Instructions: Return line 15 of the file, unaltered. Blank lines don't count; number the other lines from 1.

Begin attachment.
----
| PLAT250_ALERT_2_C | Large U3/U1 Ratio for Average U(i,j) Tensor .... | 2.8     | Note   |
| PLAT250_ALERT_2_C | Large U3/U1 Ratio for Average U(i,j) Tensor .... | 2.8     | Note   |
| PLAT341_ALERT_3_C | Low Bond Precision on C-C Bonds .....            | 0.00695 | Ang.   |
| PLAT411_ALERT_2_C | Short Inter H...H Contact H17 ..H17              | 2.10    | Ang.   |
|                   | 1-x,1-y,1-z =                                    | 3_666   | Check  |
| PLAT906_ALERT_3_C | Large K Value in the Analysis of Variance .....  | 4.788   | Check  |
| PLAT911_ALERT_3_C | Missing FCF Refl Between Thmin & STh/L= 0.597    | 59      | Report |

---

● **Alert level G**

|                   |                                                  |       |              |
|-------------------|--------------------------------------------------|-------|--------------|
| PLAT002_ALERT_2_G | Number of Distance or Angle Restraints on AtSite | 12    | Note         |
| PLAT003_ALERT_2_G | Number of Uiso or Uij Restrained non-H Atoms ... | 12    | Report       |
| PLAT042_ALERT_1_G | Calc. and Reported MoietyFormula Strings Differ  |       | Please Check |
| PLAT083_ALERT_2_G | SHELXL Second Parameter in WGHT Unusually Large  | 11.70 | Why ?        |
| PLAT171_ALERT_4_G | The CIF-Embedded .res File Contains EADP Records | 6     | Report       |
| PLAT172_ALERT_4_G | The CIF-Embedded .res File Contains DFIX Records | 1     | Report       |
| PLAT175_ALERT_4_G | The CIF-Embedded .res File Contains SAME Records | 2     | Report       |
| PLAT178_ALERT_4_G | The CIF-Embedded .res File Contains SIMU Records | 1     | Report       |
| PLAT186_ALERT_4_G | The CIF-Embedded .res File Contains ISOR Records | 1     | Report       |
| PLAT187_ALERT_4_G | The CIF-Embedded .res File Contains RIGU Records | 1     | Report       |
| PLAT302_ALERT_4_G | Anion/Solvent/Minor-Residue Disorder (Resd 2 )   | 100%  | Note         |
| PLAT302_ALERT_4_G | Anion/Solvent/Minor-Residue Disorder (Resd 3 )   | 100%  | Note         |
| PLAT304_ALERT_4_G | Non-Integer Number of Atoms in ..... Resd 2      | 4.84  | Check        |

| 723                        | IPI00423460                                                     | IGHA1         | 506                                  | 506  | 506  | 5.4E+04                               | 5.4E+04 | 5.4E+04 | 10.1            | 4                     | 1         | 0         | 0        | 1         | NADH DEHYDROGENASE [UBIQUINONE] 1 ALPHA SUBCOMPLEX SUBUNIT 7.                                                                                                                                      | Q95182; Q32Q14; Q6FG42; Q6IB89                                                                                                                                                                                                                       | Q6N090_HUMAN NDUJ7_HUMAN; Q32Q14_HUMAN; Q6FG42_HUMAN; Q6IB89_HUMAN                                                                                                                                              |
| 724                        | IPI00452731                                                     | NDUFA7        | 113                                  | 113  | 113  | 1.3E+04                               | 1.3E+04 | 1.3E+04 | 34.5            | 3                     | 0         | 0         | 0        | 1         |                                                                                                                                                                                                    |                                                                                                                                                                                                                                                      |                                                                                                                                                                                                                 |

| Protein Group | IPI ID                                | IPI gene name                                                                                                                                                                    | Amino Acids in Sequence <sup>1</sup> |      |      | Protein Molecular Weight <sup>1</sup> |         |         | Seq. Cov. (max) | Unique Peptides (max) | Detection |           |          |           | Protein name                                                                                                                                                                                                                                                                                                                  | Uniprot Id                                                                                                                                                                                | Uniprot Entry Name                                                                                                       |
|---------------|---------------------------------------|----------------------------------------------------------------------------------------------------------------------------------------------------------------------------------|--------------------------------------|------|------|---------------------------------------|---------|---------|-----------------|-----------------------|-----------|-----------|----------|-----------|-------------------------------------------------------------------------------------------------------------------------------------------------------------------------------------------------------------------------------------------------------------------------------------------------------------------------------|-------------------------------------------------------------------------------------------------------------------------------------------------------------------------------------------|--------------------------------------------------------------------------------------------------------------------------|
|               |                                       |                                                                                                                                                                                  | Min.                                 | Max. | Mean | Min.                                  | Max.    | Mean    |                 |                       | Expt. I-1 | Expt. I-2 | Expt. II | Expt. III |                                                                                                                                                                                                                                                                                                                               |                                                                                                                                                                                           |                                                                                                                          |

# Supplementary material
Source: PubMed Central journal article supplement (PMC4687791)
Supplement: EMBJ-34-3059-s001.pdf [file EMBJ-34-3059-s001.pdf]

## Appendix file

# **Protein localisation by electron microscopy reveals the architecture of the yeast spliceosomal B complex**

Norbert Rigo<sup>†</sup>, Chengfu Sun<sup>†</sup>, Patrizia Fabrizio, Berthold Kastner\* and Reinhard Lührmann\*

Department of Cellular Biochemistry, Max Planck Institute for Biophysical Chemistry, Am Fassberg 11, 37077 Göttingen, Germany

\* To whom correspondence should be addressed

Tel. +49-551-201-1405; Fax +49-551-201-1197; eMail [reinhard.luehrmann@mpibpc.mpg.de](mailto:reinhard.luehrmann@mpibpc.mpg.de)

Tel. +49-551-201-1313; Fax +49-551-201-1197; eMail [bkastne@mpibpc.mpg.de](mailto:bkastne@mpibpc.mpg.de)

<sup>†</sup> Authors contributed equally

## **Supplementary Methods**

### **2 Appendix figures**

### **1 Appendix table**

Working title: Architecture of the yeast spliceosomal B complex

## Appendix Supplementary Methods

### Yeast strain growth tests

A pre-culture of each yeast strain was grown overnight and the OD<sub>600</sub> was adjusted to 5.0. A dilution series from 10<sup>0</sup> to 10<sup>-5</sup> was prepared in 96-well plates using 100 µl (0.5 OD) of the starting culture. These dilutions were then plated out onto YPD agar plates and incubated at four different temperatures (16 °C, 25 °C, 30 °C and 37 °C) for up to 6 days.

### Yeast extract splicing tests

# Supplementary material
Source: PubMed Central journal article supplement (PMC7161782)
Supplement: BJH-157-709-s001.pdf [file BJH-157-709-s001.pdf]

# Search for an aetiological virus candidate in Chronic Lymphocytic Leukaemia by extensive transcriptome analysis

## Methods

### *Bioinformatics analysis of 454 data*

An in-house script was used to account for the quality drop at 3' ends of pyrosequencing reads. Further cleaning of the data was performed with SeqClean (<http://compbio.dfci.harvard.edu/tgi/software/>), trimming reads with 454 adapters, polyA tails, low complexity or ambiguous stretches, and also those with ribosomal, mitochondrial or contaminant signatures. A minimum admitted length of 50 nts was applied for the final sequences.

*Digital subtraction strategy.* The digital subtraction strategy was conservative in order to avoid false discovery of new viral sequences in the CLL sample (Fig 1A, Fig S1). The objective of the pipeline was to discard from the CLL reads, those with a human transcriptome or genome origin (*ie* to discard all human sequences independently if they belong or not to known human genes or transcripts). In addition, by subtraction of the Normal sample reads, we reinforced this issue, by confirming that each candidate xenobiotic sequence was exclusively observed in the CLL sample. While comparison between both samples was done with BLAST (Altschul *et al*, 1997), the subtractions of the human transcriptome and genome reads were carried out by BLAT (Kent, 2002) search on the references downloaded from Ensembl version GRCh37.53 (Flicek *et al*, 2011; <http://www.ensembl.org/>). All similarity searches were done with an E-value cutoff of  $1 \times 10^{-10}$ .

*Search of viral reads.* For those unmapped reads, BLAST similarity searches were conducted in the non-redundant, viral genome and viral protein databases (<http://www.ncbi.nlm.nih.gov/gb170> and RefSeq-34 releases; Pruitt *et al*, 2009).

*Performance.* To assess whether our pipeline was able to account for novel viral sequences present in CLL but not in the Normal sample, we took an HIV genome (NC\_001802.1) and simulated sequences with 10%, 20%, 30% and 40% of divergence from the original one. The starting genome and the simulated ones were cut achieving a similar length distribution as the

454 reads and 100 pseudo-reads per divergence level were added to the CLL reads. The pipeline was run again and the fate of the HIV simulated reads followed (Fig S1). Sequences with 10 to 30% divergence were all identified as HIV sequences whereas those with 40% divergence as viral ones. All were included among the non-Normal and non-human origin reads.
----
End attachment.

| PLAT083_ALERT_2_G | SHELXL Second Parameter in WGHT Unusually Large  | 11.70 | Why ?        |